An Introduction To Selling
The popular view is that only some people can sell, that salesmen are born, not made. The reality is that anyone can sell and that the art of selling can be learnt in the same way that any process can be learnt. Certainly, some people will have a natural aptitude for selling in the same way that some people have an aptitude for music or foreign languages, but anybody can achieve competence in selling if they want to.
If you’re the shy and introverted type, you will have to overcome some of these personal traits to follow the sales steps successfully. You’ll need to be brave enough to ask tough questions and overcome your fear of rejection. You’ll also need to break some social taboos about what ‘nice’ people are allowed to do. However, what you don’t have to be is the media’s clichéd depiction of a salesperson: pushy, untrustworthy, someone who would sell their own grandmother. Such people do exist, but professional salespeople work with their customers to make sure they buy exactly the solution they need, and then they come back and buy more simply because they are happy.
Once you’ve worked out how to sell, you’ll wonder how you survived without it. You’ll find those same skills hugely useful when negotiating with anyone, be it with your boss, employees, partner or child. How many times have you heard the expression “selling the idea”? It means what it says, and politicians are famous for it.
Selling is actually a mix of different skills and techniques. It is a process that once fully understood, becomes obvious, and it involves a breath of interpersonal skills that centre around human psychology and perseverance.
The Sales Process
At a very basic level, there are five steps in making a sale, which are covered in this guide:
Qualify Your Potential Sales
Before you spend a lot of time on a prospect, you want to know if they are likely to buy. So, there are four simple tests that will help you separate the proverbial wheat from the chaff:
- Are they the decision-maker? Do they have the power to sign the purchase order? Or are they an underling who has no purchasing power?
- Do they have the budget? Can they afford your product or service?
- Are they looking for what you have? If they need features or capabilities that you don’t have, you’re unlikely to make the sale.
- Are they looking to buy now? If they are just looking but don’t want to buy for a year, they won’t help you reach your sales target
Listen To What The Customer Is Telling You
So how do you find out these facts? In many cases, they’ll tell you in their first conversation, as the lead comes in.
“Hello, I’m the finance director of So-And-So plc and I’m looking for a simple CRM system for about ten users. We need to be up and running in three months’ time.” That’s just passed all the tests for us at Really Simple Systems, apart from the price but as they are a plc, that shouldn’t be a problem.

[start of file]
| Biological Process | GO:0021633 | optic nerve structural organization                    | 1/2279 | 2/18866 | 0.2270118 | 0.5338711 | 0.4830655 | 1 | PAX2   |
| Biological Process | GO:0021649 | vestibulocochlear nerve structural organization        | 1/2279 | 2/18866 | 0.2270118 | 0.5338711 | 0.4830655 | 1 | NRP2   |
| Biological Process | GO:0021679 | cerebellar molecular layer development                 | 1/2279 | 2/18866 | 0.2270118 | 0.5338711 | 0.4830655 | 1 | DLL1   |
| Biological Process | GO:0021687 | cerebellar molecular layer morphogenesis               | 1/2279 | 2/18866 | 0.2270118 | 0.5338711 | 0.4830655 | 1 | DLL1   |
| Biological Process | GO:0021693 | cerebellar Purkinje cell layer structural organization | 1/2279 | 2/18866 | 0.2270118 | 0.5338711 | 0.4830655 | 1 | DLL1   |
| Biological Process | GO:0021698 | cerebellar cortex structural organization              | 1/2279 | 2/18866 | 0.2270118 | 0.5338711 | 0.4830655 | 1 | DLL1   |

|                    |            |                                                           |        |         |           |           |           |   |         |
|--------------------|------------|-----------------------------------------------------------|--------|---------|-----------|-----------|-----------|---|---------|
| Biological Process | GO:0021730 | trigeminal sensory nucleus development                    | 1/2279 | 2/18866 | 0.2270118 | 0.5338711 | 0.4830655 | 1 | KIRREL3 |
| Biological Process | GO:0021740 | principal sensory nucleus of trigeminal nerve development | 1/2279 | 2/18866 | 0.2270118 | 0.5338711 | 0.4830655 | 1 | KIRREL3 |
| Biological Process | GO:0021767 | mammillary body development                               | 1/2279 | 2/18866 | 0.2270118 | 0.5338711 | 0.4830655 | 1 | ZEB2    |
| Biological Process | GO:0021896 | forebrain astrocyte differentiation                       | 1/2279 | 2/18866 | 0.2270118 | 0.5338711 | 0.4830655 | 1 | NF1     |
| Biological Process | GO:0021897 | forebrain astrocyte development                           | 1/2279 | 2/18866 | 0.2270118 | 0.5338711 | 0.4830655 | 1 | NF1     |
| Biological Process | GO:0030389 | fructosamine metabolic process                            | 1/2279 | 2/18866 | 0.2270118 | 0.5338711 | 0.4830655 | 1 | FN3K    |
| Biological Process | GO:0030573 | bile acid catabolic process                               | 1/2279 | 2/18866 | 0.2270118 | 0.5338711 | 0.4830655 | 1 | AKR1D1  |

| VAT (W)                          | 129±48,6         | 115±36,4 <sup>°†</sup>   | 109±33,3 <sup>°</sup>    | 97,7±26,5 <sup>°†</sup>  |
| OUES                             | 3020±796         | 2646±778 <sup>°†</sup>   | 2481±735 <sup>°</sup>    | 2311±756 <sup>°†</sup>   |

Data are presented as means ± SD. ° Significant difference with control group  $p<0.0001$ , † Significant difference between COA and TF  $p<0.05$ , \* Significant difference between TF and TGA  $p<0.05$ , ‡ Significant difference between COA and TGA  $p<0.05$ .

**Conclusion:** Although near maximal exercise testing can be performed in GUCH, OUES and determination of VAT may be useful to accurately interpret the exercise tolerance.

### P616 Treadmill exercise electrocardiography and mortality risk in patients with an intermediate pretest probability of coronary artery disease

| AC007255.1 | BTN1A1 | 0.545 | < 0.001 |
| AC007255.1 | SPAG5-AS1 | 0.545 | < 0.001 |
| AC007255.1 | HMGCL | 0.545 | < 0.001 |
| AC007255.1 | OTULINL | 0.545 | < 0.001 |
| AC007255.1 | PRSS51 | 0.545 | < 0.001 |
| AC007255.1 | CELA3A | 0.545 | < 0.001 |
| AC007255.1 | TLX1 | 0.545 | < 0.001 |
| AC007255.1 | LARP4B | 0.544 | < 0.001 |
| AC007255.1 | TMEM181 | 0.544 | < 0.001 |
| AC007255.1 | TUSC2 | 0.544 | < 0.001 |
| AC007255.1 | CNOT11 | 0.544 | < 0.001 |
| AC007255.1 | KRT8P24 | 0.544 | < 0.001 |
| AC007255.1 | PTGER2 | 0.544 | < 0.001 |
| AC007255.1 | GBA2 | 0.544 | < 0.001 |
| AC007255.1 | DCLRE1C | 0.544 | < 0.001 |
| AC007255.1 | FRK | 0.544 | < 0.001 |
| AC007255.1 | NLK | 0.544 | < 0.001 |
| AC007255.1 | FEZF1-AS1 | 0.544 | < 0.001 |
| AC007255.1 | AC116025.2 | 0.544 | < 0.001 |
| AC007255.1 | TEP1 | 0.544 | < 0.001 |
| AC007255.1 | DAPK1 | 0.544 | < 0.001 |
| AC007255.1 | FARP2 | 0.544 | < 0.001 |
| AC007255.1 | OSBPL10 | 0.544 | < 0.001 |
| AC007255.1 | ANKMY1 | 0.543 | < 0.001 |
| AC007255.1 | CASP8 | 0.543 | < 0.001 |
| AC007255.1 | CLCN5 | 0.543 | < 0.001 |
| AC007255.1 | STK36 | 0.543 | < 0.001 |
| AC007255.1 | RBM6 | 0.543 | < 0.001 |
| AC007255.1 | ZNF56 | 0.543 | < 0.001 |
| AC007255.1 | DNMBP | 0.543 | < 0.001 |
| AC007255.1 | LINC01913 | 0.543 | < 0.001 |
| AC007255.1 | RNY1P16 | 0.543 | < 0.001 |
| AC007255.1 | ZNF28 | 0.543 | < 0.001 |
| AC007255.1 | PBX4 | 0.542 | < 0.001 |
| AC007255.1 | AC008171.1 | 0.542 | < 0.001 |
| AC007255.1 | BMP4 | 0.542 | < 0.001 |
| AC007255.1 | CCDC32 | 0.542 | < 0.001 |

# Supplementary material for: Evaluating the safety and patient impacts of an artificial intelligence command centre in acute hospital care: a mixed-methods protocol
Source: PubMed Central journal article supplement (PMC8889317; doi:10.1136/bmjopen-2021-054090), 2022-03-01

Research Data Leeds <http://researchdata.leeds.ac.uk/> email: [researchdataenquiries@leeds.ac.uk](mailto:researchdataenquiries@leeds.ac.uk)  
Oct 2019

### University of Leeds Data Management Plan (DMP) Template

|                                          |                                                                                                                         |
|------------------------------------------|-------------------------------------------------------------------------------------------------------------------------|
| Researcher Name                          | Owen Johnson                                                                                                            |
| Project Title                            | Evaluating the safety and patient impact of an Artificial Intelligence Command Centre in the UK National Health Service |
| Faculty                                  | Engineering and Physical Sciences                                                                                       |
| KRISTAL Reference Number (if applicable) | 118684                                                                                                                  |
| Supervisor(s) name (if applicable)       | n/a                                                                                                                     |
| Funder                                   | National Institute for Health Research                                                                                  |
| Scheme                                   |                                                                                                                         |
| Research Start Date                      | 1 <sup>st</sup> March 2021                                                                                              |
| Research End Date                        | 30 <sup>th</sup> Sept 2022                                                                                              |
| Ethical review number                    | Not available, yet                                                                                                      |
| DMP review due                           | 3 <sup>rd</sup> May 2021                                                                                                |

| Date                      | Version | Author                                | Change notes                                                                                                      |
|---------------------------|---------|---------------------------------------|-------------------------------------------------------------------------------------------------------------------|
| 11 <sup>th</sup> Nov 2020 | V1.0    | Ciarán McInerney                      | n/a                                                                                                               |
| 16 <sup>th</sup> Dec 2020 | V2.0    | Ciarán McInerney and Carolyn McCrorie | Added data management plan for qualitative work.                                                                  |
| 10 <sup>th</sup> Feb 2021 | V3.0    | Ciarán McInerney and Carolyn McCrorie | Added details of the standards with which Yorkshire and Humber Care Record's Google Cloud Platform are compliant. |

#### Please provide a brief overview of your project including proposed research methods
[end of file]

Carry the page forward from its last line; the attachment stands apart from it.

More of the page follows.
On the contrary: “Hello, I’m an intern at Bob’s Plumbing and I’m just doing some initial research for a CRM system we can run in the field” patently fails.
Good sales people spend more time listening than talking, and in most cases you’ll only get some of the qualification questions answered unprompted. So when they’ve stopped telling you what they want, you ask the unanswered questions, using a mix of closed and open questions to get the information you need. You might ask: What’s your job title? Do you have a budget in mind? When would you want the system installed? Any particular requirements that are important to you?
A good salesperson will develop words and phrases that will make these questions seem unthreatening and natural.
Why does the car salesman always ask you what car you are driving at the moment? Because if you’re driving a Ford he’s not going to offer you a test drive of a top range BMW on his Saturday morning.
Conduct Sales Fact-Finding
So you’ve finished qualifying your lead, and you now know that your prospect is worth spending time selling to. So now it’s time for you to find out their more detailed requirements.
Some people will know what they want and what the different offerings in your market all provide. Others may need educating.
For example, a prospective CRM purchaser may have used CRM systems in previous companies, know what they do and have a pretty good idea of what they want from such a system.
Another may say something like “We’re looking for a CRM system that covers our whole business process including invoicing and delivery routing logistics.”
In the software world, invoicing is usually done by accounting products and logistics by specialist systems. Therefore, we need to educate the prospect and then help them with their CRM choice, as well as pointing them to products that do what the CRM doesn’t.
What to do if the Lead Qualification Fails
If the prospect wants a feature that your business’s offering doesn’t have, you can:
- Try and persuade them it isn’t needed; or
- Find a workaround; or
- Try and minimise its importance to their decision; or
- Qualify out